This is one of the most prominent problems with solo queue, especially in lower divisions, and since it’s the first thing you do every game, let’s talk about it first. Everyone has heard this advice: “play carries in solo queue because you can’t trust other players to win for you”. This is the feeling of what is apparently the majority of solo queue players, which often leads to a scenario where nobody wants to play a supportive role. The outcome of this situation is normally competition – sometimes very unhealthy competition – for roles, an unhealthy argument which begins the game in the worst way. So how do you avoid the pitfalls of champ select? The simple answer is you cannot. The most important thread running through every piece of advice for solo queue is that you must control everything you have the power to control (same as the “play carries” advice), and this extends to your team’s behavior. You can’t pick your team in solo queue, and you can’t guarantee that everyone will be as smart, talented or respectful as you. What you can control is how respectful you are to others. You’ll find that by being as cordial and respectful as possible, you can turn toxic trolls into productive teammates on occasion – and when you can’t, would being rude back have done the trick? No, so being respectful is at least worth your time and effort in that it might just work.

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We’ve all been stuck in champion selects like this. Can’t dodge? Be flexible. Fill the open roles, support if you have to. All the skill in the world can’t win a game if your team is demoralized and infighting.

Pick Order > “Call” Order

Sorry, it’s true. Mechanically true. Once somebody locks in Kog’Maw, what are you going to do? Convince him to support your Vayne? That kind of mindset will lose games, because if you’re stubborn enough to make defiant picks and not care about the outcome, your teammates will probably behave the same way.  Of course, it’s customary in the community to state which role you’d like to play (it’s smart to say so kindly, e.g. “Jungle/Support Pref” or “Mid/Top please”) but if first pick wants to play your role, and picks it before you have the chance, you’ve reached your first important choice of the game. How do you respond? If you’re not willing to fill another role, you’ve begun your game at odds with your team, and you’re going to lose.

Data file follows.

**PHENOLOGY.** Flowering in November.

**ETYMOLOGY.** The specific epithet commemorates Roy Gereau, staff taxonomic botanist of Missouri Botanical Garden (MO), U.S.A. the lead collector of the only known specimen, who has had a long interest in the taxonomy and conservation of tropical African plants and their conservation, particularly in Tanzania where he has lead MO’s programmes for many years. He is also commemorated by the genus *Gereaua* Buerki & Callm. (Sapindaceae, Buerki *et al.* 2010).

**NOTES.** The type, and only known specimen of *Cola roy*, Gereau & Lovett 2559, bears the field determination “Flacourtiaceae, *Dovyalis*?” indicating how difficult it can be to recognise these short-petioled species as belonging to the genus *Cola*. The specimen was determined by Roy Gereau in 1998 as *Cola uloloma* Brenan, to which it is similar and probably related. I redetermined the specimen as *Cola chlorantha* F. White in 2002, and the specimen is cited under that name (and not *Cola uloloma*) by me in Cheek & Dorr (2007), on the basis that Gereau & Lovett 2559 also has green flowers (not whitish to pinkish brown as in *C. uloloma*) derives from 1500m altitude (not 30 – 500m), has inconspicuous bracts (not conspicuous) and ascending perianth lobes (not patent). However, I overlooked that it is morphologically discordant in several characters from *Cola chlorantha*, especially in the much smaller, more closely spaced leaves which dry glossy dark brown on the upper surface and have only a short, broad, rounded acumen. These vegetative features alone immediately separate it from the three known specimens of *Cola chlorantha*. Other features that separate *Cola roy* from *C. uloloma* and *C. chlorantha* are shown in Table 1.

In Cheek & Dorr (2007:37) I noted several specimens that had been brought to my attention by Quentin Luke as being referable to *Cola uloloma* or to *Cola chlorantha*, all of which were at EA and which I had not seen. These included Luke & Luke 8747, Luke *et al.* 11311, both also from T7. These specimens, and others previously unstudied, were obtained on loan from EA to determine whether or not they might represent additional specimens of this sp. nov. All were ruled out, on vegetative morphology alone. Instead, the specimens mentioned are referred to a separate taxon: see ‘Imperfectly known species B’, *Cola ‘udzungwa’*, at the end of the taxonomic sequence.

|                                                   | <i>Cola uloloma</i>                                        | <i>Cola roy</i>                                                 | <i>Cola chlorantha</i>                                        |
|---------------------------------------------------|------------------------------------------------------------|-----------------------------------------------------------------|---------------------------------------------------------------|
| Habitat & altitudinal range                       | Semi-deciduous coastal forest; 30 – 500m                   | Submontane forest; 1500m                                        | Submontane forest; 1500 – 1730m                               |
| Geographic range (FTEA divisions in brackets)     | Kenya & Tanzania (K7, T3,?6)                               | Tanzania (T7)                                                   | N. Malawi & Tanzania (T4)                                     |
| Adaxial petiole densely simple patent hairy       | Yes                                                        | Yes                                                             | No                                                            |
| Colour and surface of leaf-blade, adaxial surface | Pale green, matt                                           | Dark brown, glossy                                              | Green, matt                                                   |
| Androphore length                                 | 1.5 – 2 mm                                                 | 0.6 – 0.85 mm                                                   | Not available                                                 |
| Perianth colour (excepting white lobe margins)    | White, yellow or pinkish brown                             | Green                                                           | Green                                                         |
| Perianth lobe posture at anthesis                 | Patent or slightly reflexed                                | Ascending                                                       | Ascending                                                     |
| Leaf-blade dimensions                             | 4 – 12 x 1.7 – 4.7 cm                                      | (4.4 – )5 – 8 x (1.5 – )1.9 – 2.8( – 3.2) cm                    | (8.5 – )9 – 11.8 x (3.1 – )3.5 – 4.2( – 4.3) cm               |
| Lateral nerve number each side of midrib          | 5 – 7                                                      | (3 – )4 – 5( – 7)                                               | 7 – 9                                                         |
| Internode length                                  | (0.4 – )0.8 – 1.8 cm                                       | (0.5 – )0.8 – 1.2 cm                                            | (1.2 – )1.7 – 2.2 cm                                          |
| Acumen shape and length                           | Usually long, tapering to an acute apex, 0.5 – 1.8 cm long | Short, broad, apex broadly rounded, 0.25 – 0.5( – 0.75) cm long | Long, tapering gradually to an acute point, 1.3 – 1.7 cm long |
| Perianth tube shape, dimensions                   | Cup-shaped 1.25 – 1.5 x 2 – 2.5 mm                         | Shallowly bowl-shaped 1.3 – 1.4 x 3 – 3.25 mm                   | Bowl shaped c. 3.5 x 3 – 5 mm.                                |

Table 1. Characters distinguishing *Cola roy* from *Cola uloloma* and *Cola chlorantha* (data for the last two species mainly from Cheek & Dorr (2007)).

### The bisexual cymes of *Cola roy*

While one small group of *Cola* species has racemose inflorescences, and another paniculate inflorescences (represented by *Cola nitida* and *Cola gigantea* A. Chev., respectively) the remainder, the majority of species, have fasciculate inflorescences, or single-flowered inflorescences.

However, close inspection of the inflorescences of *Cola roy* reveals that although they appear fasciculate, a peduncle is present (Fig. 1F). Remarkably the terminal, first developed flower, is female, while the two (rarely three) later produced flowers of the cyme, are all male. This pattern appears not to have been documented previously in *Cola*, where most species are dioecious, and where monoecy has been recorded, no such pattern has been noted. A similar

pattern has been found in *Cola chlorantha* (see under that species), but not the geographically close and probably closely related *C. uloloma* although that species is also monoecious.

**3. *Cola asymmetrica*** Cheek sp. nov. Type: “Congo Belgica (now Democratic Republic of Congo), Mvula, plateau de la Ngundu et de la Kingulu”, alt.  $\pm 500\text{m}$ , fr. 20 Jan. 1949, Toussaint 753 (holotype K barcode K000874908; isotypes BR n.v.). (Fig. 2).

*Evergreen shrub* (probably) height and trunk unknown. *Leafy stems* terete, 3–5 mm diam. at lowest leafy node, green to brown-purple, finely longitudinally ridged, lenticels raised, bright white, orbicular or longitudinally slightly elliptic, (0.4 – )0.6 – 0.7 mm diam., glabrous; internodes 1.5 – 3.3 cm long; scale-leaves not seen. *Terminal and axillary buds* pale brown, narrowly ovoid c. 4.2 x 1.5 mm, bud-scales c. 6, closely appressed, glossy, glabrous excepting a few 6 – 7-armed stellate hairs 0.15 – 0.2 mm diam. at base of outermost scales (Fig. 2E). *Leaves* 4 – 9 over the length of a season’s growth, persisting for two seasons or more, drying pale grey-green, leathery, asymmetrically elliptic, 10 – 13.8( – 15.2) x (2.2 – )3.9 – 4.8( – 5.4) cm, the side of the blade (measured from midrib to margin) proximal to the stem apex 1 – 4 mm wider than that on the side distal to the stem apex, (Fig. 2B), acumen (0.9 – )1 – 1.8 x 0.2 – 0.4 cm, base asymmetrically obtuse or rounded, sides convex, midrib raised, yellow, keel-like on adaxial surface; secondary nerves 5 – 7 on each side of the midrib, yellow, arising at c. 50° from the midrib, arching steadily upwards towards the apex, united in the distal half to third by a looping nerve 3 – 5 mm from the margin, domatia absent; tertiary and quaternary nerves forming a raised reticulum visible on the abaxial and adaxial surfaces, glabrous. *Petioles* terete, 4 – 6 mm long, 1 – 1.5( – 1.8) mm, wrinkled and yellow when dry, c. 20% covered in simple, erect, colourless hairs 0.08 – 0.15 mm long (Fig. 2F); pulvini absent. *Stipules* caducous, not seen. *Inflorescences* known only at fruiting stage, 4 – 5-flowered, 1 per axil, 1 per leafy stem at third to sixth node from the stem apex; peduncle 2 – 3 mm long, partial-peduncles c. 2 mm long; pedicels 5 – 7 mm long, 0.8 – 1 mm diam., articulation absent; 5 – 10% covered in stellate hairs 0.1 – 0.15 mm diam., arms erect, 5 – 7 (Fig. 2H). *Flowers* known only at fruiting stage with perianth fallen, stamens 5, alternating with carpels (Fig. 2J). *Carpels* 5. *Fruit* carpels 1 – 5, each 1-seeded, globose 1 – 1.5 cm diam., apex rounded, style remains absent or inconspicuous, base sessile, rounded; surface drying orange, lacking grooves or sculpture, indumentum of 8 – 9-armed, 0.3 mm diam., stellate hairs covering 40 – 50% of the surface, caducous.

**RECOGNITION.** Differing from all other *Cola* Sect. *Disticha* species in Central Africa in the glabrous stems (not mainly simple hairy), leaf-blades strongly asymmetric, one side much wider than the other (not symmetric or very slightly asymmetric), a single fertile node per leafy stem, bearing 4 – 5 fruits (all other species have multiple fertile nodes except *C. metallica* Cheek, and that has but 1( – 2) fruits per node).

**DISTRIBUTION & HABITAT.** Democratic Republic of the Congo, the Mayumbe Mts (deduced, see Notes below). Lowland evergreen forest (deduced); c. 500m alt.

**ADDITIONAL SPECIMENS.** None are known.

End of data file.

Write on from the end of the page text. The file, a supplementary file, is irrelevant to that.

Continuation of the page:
Consider the following: what are your goals? To improve your skills? To win games? To climb into “gold” or “platinum” ELO? Just to have fun? The truth is all of these goals are reached by taking a common approach: try to control the game with your attitude. Being kind to your team (especially when they don’t deserve it) isn’t about being nice to them, it’s about making sure you have the best possible chance to achieve your goals. Remember your goals are to win and climb the ladder. Once your teammate has locked in the role you want you may feel like your chances of winning have diminished, but they only get even worse when you “rage” at your teammates or refuse to cooperate.